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UMaine unveils the world’s first bio-based 3D-printed house

“Our home is all grown materials and we can continue to grow these materials for generations.” 

The exterior of the first bio-based 3D-printed house. MJ Gautrau

The world’s first bio-based 3D-printed house has been built in Orono, Maine, by the University of Maine’s Advanced Structures and Composites Center (ASCC), in what could be a major step forward in combatting the affordable housing and climate crises.

BioHome3D, when mass-produced, will help provide affordable housing solutions. It’s also made of natural materials and is completely recyclable, which will help reverse climate change — normal buildings account for nearly 40% of global carbon emissions.

MJ Gautrau

Nationally, there is a need for more than 7 million affordable housing units, according to the National Low Income Housing Coalition, and that number is 20,000 in Maine alone, per the Maine Affordable Housing Coalition. Since sustainably grown wood fiber is a renewable resource that captures carbon, BioHome3D is a kind of carbon storage and sequestration unit, doing the opposite of the buildings that are responsible for those carbon emissions.


“We’ve been looking for ways to have more sustainable construction for generations to come, and so we use bio materials,” Dr. Habib Dagher, the founding executive direct of the ASCC, told Boston.com. “Our home is all grown materials and we can continue to grow these materials for generations.” 

Plus, if there’s a need to remove these houses, that can be done without creating waste.

“Since our house is 100% recyclable, at the end of its life, you can grind it up and print with it again, something else,” said Dagher.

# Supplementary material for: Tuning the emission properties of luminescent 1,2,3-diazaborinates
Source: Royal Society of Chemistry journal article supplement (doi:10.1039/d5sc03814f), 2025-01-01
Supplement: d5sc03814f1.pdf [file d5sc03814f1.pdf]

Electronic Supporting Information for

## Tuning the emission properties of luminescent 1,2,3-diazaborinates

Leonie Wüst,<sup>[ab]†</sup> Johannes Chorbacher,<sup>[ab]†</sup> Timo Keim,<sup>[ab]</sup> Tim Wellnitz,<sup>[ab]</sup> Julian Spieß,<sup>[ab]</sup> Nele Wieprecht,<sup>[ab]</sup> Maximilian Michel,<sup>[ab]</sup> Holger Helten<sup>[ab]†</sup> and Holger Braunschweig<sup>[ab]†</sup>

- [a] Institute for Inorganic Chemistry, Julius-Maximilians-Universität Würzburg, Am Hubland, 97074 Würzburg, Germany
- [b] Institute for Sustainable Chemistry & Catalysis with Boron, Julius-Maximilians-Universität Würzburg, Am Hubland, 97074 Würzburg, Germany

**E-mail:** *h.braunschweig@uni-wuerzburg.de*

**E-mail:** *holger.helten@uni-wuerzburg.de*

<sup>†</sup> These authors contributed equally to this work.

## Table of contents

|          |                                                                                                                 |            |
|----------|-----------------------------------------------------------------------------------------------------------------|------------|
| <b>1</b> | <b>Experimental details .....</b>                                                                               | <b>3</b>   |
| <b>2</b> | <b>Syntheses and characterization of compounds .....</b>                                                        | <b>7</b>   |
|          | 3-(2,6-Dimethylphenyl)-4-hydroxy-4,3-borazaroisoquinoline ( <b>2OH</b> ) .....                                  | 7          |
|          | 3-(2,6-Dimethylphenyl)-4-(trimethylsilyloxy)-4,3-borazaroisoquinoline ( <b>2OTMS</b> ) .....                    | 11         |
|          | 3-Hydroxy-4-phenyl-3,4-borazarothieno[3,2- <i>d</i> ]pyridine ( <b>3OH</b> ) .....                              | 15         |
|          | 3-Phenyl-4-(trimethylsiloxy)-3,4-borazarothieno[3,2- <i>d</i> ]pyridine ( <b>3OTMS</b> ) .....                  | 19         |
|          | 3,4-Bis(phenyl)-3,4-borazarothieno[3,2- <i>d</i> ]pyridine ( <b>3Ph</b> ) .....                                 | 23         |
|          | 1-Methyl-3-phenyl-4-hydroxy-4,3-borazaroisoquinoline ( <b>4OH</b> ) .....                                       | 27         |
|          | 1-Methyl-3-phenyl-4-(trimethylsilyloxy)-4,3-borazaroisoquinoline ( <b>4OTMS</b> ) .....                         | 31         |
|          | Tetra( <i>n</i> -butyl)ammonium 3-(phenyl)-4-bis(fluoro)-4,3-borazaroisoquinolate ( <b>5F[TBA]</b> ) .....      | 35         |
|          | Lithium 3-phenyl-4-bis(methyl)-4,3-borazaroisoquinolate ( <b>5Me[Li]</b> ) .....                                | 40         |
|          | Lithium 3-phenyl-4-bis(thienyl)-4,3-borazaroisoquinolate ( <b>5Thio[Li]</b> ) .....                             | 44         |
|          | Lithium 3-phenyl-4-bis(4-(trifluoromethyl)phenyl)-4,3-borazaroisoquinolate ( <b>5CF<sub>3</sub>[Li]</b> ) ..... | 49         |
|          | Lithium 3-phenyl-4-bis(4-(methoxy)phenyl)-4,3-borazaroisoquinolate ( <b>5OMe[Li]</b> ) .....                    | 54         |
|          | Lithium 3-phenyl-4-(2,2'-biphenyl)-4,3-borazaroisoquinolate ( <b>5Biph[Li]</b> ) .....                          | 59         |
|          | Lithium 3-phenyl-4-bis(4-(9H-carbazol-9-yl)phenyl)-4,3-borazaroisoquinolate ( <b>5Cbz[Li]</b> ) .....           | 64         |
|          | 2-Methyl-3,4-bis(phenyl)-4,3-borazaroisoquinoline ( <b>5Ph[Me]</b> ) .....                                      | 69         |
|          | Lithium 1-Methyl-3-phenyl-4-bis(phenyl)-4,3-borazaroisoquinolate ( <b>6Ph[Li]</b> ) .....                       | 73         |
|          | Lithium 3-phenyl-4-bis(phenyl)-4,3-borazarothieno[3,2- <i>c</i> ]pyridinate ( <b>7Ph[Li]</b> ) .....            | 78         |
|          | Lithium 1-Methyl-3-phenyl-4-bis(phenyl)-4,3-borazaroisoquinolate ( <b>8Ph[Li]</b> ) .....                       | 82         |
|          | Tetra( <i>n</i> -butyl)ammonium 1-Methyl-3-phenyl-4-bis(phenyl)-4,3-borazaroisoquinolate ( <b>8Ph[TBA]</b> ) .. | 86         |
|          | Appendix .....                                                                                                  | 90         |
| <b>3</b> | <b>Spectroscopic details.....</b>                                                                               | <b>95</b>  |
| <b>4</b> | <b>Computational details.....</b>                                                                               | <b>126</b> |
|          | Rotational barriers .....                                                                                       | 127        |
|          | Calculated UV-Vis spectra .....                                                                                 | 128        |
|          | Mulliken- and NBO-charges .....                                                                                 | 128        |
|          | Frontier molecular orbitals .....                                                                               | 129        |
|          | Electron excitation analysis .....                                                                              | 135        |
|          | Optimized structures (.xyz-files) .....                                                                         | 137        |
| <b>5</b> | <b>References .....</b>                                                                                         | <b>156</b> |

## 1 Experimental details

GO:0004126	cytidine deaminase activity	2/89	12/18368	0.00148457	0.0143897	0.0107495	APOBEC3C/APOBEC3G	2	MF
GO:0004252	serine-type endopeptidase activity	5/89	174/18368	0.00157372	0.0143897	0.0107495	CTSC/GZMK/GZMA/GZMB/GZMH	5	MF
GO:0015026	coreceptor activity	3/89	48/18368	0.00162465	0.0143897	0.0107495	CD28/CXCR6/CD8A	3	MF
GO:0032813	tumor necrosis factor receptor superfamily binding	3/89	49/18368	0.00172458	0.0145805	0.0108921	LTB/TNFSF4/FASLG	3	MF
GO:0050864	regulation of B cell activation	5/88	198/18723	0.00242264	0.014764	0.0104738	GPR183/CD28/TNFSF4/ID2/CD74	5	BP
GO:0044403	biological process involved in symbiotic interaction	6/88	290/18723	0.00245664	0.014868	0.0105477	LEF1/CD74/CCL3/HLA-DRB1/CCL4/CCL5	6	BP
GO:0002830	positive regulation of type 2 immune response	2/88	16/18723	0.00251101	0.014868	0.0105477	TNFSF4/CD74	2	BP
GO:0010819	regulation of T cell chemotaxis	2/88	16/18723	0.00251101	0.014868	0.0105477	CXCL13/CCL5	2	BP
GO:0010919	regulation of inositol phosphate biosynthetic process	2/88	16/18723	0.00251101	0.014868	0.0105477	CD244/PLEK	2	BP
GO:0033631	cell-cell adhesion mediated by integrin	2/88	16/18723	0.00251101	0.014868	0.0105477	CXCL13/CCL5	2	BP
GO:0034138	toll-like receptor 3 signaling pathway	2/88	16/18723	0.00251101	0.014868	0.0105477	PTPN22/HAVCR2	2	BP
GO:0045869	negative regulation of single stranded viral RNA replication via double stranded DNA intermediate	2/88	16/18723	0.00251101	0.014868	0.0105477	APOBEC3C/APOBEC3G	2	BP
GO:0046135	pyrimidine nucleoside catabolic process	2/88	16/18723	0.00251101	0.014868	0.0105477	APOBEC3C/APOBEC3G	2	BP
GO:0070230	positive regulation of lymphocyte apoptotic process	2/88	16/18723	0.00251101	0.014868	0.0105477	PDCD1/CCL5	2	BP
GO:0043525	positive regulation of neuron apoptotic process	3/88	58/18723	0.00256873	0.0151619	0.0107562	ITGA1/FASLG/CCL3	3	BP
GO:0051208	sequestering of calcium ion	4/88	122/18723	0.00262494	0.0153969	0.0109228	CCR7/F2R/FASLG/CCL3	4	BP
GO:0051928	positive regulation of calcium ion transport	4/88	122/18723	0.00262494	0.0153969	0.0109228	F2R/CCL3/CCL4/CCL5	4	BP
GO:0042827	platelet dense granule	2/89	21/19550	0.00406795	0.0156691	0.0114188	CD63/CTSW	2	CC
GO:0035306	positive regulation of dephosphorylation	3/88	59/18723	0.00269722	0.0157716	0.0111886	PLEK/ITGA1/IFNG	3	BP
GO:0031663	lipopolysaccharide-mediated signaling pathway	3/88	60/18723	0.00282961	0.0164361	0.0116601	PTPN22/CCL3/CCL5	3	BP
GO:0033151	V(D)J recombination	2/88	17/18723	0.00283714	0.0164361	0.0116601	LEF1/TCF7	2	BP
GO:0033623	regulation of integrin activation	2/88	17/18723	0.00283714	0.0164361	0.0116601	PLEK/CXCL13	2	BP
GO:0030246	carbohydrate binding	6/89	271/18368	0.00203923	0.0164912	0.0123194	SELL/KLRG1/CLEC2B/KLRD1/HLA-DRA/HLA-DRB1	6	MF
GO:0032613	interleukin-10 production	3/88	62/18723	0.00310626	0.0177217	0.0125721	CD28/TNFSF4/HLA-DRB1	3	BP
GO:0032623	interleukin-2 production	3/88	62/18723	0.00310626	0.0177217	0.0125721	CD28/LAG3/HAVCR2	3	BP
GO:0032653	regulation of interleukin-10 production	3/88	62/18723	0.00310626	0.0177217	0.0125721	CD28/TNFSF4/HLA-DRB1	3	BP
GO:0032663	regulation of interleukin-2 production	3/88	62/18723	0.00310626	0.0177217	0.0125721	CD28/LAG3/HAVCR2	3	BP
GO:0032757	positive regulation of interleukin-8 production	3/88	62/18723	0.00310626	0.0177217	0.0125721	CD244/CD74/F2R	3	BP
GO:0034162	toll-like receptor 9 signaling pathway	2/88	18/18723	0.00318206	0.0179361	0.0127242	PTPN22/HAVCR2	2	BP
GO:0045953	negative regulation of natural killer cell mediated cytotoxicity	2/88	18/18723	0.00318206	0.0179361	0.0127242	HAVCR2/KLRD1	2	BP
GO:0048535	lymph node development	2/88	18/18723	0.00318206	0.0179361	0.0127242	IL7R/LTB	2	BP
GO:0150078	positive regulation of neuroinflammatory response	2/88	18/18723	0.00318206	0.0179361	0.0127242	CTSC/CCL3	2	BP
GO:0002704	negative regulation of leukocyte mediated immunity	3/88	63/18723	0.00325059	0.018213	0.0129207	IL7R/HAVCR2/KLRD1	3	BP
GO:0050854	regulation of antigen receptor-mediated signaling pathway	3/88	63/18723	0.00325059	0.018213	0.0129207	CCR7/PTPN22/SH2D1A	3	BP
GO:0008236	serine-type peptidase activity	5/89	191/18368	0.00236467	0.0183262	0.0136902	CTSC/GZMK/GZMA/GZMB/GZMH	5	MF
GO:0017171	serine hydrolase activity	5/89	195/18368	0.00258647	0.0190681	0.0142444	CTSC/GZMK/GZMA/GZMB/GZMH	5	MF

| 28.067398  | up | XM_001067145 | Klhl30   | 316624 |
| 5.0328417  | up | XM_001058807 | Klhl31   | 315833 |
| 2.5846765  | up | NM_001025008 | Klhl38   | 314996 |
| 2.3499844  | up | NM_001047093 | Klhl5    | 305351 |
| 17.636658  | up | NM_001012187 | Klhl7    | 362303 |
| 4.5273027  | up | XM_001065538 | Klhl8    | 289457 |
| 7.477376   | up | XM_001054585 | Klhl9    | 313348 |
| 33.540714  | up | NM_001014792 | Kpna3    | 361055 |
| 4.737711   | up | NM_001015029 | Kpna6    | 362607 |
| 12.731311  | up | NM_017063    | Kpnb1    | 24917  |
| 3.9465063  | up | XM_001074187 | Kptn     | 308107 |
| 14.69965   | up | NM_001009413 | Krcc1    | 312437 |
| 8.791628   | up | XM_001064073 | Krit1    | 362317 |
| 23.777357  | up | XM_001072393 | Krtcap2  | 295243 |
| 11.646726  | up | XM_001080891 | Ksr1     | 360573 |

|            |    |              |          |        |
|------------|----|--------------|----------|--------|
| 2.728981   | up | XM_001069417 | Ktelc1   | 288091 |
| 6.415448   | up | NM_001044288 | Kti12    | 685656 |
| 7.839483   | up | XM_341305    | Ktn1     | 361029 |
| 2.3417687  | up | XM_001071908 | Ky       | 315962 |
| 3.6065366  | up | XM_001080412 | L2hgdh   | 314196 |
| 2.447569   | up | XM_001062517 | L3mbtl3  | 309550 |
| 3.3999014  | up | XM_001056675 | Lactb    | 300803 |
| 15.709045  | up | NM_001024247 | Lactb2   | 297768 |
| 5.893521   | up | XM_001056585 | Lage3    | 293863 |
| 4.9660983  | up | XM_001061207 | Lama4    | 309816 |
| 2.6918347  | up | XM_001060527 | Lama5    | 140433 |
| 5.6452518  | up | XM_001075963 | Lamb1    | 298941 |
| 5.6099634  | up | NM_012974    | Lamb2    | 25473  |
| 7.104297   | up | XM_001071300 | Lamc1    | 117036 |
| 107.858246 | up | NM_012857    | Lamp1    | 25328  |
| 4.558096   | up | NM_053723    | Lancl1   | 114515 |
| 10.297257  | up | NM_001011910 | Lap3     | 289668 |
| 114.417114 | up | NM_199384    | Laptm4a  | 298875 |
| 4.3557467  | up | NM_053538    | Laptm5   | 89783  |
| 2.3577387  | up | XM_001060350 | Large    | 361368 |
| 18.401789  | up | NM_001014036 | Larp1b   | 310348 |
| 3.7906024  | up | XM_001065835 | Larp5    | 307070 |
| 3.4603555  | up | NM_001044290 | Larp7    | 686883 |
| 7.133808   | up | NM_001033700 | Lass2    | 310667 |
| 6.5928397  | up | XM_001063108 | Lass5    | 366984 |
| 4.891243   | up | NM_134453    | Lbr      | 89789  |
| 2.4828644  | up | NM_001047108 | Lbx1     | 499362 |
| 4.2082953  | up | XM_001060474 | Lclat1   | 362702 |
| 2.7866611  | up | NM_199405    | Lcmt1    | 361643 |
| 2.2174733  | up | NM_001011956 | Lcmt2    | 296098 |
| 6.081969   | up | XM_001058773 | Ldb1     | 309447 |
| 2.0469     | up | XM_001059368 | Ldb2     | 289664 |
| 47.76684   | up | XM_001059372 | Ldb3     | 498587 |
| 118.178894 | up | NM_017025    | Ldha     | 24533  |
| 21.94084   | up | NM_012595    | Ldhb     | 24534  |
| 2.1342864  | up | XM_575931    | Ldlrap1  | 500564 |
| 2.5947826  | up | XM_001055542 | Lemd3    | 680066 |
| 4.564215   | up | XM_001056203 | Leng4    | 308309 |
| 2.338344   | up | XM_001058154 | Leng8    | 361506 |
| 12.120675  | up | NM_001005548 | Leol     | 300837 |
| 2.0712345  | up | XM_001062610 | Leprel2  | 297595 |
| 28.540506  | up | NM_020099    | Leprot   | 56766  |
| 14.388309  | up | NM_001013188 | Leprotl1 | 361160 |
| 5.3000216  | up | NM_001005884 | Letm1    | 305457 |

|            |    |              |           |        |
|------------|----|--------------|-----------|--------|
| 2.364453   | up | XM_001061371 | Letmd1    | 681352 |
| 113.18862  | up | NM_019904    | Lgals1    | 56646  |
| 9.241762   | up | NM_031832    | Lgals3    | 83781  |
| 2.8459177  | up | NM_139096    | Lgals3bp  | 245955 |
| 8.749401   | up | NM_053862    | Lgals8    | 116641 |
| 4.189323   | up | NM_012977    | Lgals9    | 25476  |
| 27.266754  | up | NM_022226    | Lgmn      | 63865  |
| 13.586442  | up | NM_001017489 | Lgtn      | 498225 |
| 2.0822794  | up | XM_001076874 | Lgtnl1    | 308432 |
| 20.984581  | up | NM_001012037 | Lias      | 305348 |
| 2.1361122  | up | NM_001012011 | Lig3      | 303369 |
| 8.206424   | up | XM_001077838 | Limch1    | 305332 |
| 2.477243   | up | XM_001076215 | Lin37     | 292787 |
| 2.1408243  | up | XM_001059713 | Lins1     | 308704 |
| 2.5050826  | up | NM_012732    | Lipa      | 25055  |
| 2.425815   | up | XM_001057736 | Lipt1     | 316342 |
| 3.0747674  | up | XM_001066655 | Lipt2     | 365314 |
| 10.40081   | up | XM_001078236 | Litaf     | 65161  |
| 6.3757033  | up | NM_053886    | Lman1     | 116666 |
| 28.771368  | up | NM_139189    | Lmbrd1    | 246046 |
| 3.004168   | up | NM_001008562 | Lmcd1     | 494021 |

The house, which is 600 square feet, was built with the world’s largest polymer 3D printer. The floors, walls, and roof are all 3D printed, meaning it’s fully recyclable and was also almost entirely void of construction waste due to the precision of the printing process. BioHome3D was printed in four modules and then moved to the site and assembled there.

Other homes have been 3D printed, said Dagher, but they don’t print the whole home, just the walls. He and his team found a way to print the entire home, and in a more sustainable way. 

MJ Gautrau

The technology will also address labor shortages and supply chain issues that contribute to the lack of supply of affordable housing. With less time required on-site for building and fitting up the home due to automated manufacturing and off-site production, less labor is required. And printing with abundant, renewable, locally sourced wood fiber feedstock reduces dependence on the supply (and is good for the forest product industries). 


“With its innovative BioHome3D, UMaine’s Advanced Structures and Composites Center is thinking creatively about how we can tackle our housing shortage, strengthen our forest products industry, and deliver people a safe place to live so they can contribute to our economy,” said Maine’s Gov. Janet Mills in a press release. 

MJ Gautrau
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This house is a prototype that will be used to improve future iterations. The house is equipped with sensors for thermal, environmental, and structural monitoring to track how BioHome3D performs in a Maine winter. That data will be used to improve future designs of these houses.

The Center has received $30 million in federal funding and $15 million in state funding and is in the process of creating a facility that will scale up — and speed up — the process.

”Our goal is to have a cost that’s competitive to what we have today, as well as faster delivery to the consumer by being able to print one of these homes in two days,” said Dagher. “When we get to that scale of production, we can drive the cost down to be competitive with existing technologies.”


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